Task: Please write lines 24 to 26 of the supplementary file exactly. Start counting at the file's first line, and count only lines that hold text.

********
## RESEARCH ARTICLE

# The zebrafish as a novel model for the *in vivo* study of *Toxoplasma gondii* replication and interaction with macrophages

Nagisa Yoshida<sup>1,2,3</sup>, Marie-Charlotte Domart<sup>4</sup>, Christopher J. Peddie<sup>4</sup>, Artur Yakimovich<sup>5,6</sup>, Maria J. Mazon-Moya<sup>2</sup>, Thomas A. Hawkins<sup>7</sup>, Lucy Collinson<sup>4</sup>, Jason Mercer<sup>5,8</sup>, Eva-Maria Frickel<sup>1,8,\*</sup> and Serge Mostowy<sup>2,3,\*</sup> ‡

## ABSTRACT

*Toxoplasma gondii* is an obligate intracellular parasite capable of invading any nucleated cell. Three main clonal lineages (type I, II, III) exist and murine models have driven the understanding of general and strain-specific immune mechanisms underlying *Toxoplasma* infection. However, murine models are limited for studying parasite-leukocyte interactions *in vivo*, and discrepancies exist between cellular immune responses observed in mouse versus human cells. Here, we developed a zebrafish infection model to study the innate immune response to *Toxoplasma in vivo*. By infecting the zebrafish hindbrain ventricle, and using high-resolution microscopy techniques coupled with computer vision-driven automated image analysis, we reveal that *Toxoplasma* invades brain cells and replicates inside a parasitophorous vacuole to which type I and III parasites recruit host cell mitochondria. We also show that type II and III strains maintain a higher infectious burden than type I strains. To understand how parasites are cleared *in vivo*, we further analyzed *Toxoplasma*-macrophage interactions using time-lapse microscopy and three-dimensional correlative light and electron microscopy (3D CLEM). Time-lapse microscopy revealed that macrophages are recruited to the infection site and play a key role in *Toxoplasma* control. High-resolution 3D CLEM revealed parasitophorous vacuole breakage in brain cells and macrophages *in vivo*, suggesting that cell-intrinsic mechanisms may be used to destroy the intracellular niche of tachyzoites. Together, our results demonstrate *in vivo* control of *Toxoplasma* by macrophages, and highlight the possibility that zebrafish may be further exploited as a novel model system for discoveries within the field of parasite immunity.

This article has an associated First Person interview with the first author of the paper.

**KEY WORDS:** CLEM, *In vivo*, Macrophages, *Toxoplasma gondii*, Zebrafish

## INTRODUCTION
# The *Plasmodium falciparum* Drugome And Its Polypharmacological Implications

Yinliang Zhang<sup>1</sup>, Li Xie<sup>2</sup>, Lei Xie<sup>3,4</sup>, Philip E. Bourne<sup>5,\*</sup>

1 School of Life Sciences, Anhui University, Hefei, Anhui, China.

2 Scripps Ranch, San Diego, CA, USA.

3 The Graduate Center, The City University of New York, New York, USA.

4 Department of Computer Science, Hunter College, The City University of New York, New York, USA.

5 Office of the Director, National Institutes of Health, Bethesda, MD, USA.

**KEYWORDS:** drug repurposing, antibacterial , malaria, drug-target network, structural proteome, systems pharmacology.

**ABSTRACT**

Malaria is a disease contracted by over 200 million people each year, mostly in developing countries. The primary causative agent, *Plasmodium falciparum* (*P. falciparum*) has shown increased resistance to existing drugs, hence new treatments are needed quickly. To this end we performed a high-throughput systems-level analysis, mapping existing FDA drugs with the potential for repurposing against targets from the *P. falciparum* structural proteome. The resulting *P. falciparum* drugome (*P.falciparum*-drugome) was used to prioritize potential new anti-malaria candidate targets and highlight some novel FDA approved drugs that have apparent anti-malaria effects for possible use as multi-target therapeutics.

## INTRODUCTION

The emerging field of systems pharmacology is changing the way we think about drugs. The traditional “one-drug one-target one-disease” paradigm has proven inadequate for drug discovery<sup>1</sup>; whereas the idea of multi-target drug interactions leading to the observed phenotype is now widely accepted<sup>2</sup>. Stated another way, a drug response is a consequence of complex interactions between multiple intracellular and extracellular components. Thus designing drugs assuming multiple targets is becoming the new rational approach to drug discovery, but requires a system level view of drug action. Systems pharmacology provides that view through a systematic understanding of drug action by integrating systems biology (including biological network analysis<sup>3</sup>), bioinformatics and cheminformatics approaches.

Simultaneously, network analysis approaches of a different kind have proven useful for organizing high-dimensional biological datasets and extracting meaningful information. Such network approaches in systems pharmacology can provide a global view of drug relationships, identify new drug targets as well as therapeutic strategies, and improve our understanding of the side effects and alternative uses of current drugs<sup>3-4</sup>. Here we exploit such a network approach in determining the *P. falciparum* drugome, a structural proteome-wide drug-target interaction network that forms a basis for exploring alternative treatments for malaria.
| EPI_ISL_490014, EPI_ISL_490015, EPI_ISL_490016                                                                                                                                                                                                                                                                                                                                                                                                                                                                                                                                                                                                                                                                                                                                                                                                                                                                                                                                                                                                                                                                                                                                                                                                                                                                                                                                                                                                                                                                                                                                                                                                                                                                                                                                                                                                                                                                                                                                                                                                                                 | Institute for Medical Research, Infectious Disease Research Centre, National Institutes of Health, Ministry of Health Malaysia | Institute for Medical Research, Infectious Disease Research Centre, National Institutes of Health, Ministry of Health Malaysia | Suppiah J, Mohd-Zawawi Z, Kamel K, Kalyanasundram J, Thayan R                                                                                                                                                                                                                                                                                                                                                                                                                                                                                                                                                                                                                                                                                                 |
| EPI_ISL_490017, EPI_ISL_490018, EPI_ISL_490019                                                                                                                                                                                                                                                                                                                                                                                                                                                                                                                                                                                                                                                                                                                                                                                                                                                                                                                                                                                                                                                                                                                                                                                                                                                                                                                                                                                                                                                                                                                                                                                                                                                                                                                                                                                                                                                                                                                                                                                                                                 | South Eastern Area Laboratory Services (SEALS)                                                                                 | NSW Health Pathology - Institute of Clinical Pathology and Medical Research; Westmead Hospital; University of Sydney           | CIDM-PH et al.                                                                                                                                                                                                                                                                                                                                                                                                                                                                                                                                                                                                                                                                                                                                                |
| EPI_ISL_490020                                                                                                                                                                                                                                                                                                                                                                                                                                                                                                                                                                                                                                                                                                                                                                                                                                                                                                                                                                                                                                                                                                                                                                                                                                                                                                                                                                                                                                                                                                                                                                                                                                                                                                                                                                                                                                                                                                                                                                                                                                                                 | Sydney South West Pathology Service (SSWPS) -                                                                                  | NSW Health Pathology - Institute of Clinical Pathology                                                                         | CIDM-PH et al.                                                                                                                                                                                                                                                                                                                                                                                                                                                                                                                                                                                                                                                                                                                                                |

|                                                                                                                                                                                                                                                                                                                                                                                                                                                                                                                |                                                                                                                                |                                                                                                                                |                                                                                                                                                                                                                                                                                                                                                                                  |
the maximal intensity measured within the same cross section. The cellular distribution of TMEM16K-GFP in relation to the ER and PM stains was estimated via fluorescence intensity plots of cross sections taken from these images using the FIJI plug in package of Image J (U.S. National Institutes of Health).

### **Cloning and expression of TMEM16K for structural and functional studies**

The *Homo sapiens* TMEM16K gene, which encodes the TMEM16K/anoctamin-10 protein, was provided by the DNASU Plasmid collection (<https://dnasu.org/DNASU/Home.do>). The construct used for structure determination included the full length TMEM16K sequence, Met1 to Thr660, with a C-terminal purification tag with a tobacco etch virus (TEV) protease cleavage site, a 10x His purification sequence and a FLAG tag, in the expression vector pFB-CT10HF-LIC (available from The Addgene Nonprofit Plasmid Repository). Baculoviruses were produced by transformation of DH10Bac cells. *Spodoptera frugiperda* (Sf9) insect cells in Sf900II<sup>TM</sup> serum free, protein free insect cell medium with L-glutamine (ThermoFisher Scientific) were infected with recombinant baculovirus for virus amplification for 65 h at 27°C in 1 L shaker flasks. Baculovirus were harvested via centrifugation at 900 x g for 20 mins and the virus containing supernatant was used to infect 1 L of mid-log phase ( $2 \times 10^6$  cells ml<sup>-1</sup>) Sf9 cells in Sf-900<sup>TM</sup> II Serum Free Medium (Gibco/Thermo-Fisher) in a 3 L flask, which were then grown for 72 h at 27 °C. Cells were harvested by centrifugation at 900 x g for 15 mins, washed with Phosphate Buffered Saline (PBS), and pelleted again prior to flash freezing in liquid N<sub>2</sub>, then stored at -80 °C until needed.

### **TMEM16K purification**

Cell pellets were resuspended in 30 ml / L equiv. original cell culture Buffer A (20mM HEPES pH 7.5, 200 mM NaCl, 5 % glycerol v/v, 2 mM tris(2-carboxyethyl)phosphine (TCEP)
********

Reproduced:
| EPI_ISL_490020                                                                                                                                                                                                                                                                                                                                                                                                                                                                                                                                                                                                                                                                                                                                                                                                                                                                                                                                                                                                                                                                                                                                                                                                                                                                                                                                                                                                                                                                                                                                                                                                                                                                                                                                                                                                                                                                                                                                                                                                                                                                 | Sydney South West Pathology Service (SSWPS) -                                                                                  | NSW Health Pathology - Institute of Clinical Pathology                                                                         | CIDM-PH et al.                                                                                                                                                                                                                                                                                                                                                                                                                                                                                                                                                                                                                                                                                                                                                |

|                                                                                                                                                                                                                                                                                                                                                                                                                                                                                                                |                                                                                                                                |                                                                                                                                |                                                                                                                                                                                                                                                                                                                                                                                  |
the maximal intensity measured within the same cross section. The cellular distribution of TMEM16K-GFP in relation to the ER and PM stains was estimated via fluorescence intensity plots of cross sections taken from these images using the FIJI plug in package of Image J (U.S. National Institutes of Health).